Passenger-flight attendant relations also are stressful because a plane is"a hotbed of emotions" in a cramped space, says Carolyn Paddock, a former Delta flight attendant and founder of inflightinsider.com, which offers tipson traveling.
You have the anxious, the angry, the intoxicated. Security needs elevated tensions. After 9/11, the divide widened, she says. "It was our duty to act as if any number of people on the plane could put a flight at risk. It became anus/them situation." And in an era of airline cutbacks, attendants arefront-line targets for rants about policies -- such as no free meals, lackof pillows or blankets -- or disputes over carry-on baggage.
What attendants ask of passengers, from turning off cellphones and other electronic devices to raising seatbacks to allow for easy emergency exit, is required by the Federal Aviation Administration.
"I think passengers think flight attendants are on a power trip when we ask for things that we're mandated to do," she says. Also, "you can't make everyone happy," adds Keagle, who remembers a time she covered her mouth while coughing in the aisle. "This couple said I'd ruined their vacation and they were going to be sick." She wrote down the details in case the pair griped to the airline. Fear of complaints can keep attendants from stepping into situations with rowdy tots or obnoxious fliers, Paddock says.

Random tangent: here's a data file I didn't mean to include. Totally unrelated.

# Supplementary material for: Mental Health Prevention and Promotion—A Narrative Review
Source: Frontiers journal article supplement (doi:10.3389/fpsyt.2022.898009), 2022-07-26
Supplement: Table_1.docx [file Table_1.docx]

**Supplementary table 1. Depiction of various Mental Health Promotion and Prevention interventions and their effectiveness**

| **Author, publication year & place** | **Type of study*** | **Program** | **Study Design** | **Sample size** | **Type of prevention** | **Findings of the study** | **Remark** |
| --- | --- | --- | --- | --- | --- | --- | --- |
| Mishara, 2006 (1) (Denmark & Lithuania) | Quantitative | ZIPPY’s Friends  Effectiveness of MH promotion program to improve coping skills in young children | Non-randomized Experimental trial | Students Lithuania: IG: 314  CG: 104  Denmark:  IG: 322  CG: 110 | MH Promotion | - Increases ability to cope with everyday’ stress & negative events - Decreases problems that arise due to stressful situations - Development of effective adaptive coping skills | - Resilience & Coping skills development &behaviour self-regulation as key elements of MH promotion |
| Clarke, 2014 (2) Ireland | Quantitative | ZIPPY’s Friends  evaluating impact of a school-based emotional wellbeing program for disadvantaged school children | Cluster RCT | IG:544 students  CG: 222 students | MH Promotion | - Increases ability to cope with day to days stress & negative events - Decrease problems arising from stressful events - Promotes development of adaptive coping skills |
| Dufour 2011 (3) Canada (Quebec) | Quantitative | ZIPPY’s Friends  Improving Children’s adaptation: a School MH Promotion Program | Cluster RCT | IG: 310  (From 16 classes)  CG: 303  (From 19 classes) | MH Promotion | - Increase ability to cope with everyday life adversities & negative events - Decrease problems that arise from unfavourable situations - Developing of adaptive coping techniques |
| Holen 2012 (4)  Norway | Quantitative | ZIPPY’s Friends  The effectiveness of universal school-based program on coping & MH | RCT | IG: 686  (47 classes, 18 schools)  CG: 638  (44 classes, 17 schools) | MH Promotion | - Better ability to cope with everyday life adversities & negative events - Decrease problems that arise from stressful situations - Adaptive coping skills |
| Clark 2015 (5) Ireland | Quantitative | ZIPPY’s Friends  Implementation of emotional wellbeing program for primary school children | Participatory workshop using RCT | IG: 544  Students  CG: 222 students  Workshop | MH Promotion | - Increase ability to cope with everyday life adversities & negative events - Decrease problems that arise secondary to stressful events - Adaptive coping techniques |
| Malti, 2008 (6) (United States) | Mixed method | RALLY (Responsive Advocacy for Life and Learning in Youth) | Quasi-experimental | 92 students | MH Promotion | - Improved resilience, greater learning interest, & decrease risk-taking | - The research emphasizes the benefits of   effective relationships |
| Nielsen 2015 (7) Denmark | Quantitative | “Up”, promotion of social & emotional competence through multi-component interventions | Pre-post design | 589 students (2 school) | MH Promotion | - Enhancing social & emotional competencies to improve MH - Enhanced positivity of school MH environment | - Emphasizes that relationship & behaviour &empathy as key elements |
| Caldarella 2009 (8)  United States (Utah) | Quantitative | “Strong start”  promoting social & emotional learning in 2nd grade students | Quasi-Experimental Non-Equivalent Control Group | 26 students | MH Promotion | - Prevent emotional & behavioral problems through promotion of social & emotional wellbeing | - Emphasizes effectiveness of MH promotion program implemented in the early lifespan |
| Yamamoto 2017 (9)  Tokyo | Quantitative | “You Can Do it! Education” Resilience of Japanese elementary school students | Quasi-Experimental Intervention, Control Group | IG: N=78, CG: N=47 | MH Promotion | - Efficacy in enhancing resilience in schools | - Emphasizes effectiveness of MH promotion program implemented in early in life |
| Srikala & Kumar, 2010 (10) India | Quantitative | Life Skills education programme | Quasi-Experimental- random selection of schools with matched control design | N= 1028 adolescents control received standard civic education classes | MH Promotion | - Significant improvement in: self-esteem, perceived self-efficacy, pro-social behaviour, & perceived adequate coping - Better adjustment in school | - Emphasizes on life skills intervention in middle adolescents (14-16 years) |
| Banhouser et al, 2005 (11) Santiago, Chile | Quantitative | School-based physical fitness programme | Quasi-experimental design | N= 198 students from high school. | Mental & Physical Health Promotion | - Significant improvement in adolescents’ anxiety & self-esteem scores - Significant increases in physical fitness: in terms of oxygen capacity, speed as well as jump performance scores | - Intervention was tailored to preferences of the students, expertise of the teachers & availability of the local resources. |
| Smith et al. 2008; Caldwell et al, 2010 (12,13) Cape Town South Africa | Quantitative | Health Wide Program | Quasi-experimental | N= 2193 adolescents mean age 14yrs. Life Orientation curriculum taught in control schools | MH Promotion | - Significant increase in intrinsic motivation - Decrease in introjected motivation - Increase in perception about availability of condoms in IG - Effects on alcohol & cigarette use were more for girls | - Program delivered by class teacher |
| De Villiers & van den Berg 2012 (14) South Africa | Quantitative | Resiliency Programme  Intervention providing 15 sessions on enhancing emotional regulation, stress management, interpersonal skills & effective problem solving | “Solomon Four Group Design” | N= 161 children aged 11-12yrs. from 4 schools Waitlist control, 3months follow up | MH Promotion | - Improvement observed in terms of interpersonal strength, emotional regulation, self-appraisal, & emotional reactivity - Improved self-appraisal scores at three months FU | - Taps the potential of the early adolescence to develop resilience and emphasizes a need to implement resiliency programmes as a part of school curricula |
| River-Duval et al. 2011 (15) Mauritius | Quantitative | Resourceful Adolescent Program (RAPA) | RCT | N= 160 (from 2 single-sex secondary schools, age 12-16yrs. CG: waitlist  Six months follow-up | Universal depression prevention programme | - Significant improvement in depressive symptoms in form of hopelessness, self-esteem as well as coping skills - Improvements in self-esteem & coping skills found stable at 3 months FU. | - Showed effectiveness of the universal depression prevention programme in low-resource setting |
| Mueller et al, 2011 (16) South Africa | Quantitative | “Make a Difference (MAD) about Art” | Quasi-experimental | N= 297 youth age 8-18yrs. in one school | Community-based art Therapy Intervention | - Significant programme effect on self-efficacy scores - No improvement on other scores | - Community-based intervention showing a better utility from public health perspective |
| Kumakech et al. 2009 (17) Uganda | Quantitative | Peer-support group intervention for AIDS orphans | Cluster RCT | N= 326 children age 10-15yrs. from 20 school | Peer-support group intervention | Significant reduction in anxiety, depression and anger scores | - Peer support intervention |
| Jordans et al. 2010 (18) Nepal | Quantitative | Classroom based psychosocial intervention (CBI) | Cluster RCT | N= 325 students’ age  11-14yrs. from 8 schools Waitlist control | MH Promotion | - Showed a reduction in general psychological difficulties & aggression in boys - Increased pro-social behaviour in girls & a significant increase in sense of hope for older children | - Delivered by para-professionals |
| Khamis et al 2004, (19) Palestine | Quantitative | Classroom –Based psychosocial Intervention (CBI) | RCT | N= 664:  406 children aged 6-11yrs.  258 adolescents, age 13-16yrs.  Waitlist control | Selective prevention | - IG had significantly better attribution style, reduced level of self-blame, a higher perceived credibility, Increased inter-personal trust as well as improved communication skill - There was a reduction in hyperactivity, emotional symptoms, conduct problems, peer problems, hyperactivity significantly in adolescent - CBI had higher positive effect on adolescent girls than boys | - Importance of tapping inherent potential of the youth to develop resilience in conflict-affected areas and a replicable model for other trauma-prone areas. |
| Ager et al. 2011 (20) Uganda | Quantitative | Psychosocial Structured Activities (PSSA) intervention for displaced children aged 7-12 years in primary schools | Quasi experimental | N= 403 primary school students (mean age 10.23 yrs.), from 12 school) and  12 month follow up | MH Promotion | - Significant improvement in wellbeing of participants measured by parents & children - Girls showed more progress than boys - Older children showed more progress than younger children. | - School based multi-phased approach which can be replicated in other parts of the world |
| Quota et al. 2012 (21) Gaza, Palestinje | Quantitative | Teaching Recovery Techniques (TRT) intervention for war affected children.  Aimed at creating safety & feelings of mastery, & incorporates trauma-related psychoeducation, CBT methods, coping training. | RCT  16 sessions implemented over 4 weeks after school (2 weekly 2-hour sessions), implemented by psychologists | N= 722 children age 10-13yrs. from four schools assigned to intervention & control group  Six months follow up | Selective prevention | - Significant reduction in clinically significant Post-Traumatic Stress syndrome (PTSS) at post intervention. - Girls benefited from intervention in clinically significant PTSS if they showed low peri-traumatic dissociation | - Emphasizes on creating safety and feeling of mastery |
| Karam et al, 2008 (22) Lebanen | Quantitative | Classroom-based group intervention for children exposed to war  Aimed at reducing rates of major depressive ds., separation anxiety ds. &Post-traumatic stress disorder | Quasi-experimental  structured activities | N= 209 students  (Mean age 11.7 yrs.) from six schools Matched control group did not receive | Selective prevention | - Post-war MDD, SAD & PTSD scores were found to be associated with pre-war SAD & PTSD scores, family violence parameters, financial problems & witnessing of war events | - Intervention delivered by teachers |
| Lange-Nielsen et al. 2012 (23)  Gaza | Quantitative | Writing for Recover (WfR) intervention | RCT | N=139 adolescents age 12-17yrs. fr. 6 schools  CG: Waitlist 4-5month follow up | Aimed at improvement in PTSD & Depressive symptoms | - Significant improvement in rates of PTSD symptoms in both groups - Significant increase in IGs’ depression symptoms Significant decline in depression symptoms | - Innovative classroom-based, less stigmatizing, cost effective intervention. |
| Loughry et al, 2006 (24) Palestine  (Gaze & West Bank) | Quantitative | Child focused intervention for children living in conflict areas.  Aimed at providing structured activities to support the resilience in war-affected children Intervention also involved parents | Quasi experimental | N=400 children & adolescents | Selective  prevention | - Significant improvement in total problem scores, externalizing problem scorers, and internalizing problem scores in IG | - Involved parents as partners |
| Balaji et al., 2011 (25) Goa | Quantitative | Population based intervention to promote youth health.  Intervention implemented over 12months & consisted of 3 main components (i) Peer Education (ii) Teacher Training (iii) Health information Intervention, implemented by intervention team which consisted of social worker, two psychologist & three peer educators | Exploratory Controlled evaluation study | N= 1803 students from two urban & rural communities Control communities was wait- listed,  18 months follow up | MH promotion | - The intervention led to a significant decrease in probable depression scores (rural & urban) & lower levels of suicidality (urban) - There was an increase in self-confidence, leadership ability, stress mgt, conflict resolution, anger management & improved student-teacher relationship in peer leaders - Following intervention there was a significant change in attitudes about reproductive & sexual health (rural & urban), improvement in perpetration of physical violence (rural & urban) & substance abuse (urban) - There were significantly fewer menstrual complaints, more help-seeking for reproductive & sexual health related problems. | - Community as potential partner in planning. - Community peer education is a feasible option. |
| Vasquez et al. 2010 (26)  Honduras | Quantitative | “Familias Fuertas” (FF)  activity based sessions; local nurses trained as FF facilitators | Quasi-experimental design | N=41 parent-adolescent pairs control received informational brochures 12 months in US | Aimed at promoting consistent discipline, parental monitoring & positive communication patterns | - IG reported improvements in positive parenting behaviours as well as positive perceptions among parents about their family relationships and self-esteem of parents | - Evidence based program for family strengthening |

A complaint "goes to yoursupervisor, and you could be suspended without pay." Some won't "go out on a limb," to save their jobs, she says. It's not only a job -- it's a peripatetic lifestyle that most FAs love, despite its rigors and absences from home. Some even take a flight to commute to their jobs. U.S. attendants make about $35,000 a year on average,says Corey Caldwell of the Association of Flight Attendants. Starting pay can be less than $20,000. "We had a flight attendant who got fired for publicly saying that she was on food stamps because she made so little money," Caldwell adds.
"I have been hit, spit on and called unspeakable names" for running out of chicken dinners, making a mother take her sleeping child off the floor during turbulence and serving the wrong drink, says former attendant Carrie Thomson of New Orleans, who flew for United and Continental. She was once suspended without pay after she tried to stop a misbehaving child and the mom complained, she says.
Most colleagues did their best, though "we all have our off days," and some attendants "are an embarrassment to the profession."But generally, travelers should cut attendants a break, says frequent flier Brown. "How often are we expected to solve the problem of two adults in a confrontational mode in a supermarket aisle or (another person's) child screaming?
Try putting yourself in their shoes for four hours."Other fliers suggest greeting flight attendants with a smile and treating them well, on the theory that you get what you give. Adds veteran traveler Norwood, who has seen businessmen pout like schoolkids when they didn't get a coveted aisle or window seat, "It takes a special person to be able to do that job. They don't always get it right, but then again, neither do I. They endure treatment that would make most of us, well, hit the emergency slide."